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Published May 23, 2012
Southwest Fire Summary(data through 5/17/12)
Data Source(s): Southwest Coordination Center
Above-average temperatures, combined with below-average precipitation during the winter and spring, have caused dry, fire-ready conditions across much of the Southwest. Grasses, shrubs, and trees have extremely low moisture levels, making them prone to ignite. Recent strong wind events also have heightened the threat for the spread of wildfires.
About 34,000 acres have burned in Arizona and New Mexico since January 1 (Figure 9a). This is the time of year when the fire season ramps up, and several wildfires greater than 100 acres are burning across central Arizona and western New Mexico (Figures 9b–c). While wildfires often occur throughout the year, there is generally an increase in the number of fires starting in April and May concomitant with the historical occurrence of rising temperatures and windy and dry weather. The two largest wildfires in the Southwest are located in the central part of Arizona. The Sunflower Fire began on May 12 from unknown causes about 30 miles north of Mesa. As of May 22, more than 16,000 acres had burned and the fire was only 43 percent contained. The Gladiator Fire ignited from human causes on May 13 on private property in Crown King. The fire had burned more than 15,000 acres as of May 22 and was spreading across Prescott National Forest.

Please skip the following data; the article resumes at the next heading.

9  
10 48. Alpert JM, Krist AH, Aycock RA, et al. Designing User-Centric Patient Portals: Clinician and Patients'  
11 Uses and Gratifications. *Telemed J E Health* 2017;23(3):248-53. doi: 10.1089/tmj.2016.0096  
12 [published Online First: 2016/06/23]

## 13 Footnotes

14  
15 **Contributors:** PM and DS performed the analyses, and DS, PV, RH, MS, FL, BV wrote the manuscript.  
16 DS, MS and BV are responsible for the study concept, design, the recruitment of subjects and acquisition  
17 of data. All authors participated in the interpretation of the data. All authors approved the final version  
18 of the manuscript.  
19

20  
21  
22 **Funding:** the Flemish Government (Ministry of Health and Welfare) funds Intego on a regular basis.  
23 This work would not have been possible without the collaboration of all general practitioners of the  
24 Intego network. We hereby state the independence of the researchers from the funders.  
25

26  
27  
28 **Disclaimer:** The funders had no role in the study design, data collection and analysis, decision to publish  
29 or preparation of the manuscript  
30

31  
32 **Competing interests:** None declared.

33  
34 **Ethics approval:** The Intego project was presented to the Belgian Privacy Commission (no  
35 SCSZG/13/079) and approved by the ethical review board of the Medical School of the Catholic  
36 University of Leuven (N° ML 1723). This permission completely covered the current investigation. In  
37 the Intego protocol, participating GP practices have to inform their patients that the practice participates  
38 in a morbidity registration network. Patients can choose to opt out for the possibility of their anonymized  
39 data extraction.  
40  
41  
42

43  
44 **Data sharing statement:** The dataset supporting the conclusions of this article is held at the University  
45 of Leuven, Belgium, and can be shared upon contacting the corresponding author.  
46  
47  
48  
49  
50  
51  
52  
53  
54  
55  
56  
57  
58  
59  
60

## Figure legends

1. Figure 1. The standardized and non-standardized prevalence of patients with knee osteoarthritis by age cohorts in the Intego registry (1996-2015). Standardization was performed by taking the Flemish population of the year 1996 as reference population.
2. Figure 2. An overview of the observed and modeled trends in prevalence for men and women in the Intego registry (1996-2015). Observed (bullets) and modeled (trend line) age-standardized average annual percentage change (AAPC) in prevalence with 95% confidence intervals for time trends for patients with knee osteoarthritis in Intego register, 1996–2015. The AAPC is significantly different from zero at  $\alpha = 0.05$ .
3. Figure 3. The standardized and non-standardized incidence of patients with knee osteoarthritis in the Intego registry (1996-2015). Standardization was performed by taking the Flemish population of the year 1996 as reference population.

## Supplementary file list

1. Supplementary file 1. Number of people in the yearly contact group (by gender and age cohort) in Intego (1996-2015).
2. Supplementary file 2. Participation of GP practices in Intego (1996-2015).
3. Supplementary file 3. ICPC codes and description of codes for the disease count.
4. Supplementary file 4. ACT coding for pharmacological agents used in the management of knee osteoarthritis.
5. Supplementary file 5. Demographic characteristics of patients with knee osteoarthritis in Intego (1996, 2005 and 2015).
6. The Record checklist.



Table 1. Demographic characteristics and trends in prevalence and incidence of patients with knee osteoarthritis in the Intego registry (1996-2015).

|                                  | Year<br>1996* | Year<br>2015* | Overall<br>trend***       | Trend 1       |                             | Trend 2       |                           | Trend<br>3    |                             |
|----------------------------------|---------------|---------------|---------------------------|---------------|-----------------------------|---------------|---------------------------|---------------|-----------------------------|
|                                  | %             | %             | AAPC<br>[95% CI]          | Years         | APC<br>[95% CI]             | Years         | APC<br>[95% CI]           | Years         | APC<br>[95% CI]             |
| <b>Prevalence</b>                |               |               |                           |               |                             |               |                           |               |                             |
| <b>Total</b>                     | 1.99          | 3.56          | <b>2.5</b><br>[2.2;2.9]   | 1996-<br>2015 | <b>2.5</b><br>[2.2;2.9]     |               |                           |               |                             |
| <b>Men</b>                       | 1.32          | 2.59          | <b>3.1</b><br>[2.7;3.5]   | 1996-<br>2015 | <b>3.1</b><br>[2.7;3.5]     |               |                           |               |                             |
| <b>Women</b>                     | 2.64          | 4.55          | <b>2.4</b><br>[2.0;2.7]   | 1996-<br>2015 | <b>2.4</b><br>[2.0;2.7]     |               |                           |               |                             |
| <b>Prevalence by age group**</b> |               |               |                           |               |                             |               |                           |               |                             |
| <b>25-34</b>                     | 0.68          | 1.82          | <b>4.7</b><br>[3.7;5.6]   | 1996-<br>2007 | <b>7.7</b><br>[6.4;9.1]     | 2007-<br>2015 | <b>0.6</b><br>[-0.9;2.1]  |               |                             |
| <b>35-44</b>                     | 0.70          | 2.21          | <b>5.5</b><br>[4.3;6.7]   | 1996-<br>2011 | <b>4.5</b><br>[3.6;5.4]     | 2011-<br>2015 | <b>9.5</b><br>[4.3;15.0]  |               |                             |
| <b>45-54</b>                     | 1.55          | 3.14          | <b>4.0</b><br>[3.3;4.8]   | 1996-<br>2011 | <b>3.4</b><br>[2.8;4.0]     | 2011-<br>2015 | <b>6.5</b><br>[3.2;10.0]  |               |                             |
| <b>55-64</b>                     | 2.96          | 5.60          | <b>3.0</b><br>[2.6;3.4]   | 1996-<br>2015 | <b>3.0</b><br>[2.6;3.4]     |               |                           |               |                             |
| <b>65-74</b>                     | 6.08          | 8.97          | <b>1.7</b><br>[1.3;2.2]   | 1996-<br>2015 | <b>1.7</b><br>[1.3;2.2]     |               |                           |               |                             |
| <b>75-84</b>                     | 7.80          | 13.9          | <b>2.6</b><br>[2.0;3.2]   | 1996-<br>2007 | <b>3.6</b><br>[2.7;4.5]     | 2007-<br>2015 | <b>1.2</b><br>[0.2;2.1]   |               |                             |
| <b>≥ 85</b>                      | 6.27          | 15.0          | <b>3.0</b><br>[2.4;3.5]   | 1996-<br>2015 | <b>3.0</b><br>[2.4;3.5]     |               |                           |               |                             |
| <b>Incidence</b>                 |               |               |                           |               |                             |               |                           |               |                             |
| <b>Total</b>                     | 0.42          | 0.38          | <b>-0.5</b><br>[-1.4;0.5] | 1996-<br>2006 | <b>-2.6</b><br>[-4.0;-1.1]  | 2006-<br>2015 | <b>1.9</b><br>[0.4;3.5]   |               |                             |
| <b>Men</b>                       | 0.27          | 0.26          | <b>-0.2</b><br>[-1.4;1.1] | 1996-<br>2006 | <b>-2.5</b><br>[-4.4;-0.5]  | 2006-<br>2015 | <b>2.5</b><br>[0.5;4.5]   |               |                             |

Between January 1 and May 15, 440 fires burned nearly 25,000 acres in Arizona, according to Predictive Services at the Southwest Coordination Center. Most of these fires scorched fewer than 100 acres and are therefore not reflected in Figure 9. In New Mexico, 228 fires have burned this year, charring more than 9,000 acres. The number of acres burned in 2012 thus far is much lower than at this time last year. By mid-May 2011, almost 350,000 acres in New Mexico and nearly 77,000 acres in Arizona had burned. Last year was the worst fire season on record for Arizona and New Mexico, with more than 1 million acres burning in each state.
The fires discussed here have been reported by federal, state, or tribal agencies during 2012. The figures include information both for current fires and for fires that have been suppressed. The top figure shows a table of year-to-date fire information for Arizona and New Mexico. Prescribed burns are not included in these numbers. The bottom two figures indicate the approximate locations of past and present “large” wildland fires in Arizona and in New Mexico. A “large” fire is defined as a blaze covering 100 acres or more in timber or 300 acres or more in grass or brush. The name of each fire is provided next to the symbol.
These data are obtained from the Southwest Coordination Center website::
Southwest Climate Outlook Staff
- Michael Crimmins, UA Extension Specialist
- Stephanie Doster, Institute of the Environment Editor
- Gregg Garfin, Founding Editor, Institute of the Environment
- Zack Guido, Managing Editor, CLIMAS Associate Staff Scientist
- Nancy J. Selover, Arizona State Climatologist
- Jessica Dollin, CLIMAS Publications Assistant
- Dave Dubois, New Mexico State Climatologist
Please direct your Southwest Climate Outlook comments and suggestions to Zack Guido.
The CLIMAS Web site contains official and non-official forecasts, as well as other information. While we make every effort to verify this information, please understand that we do not warrant the accuracy of any of these materials.... Read full disclaimer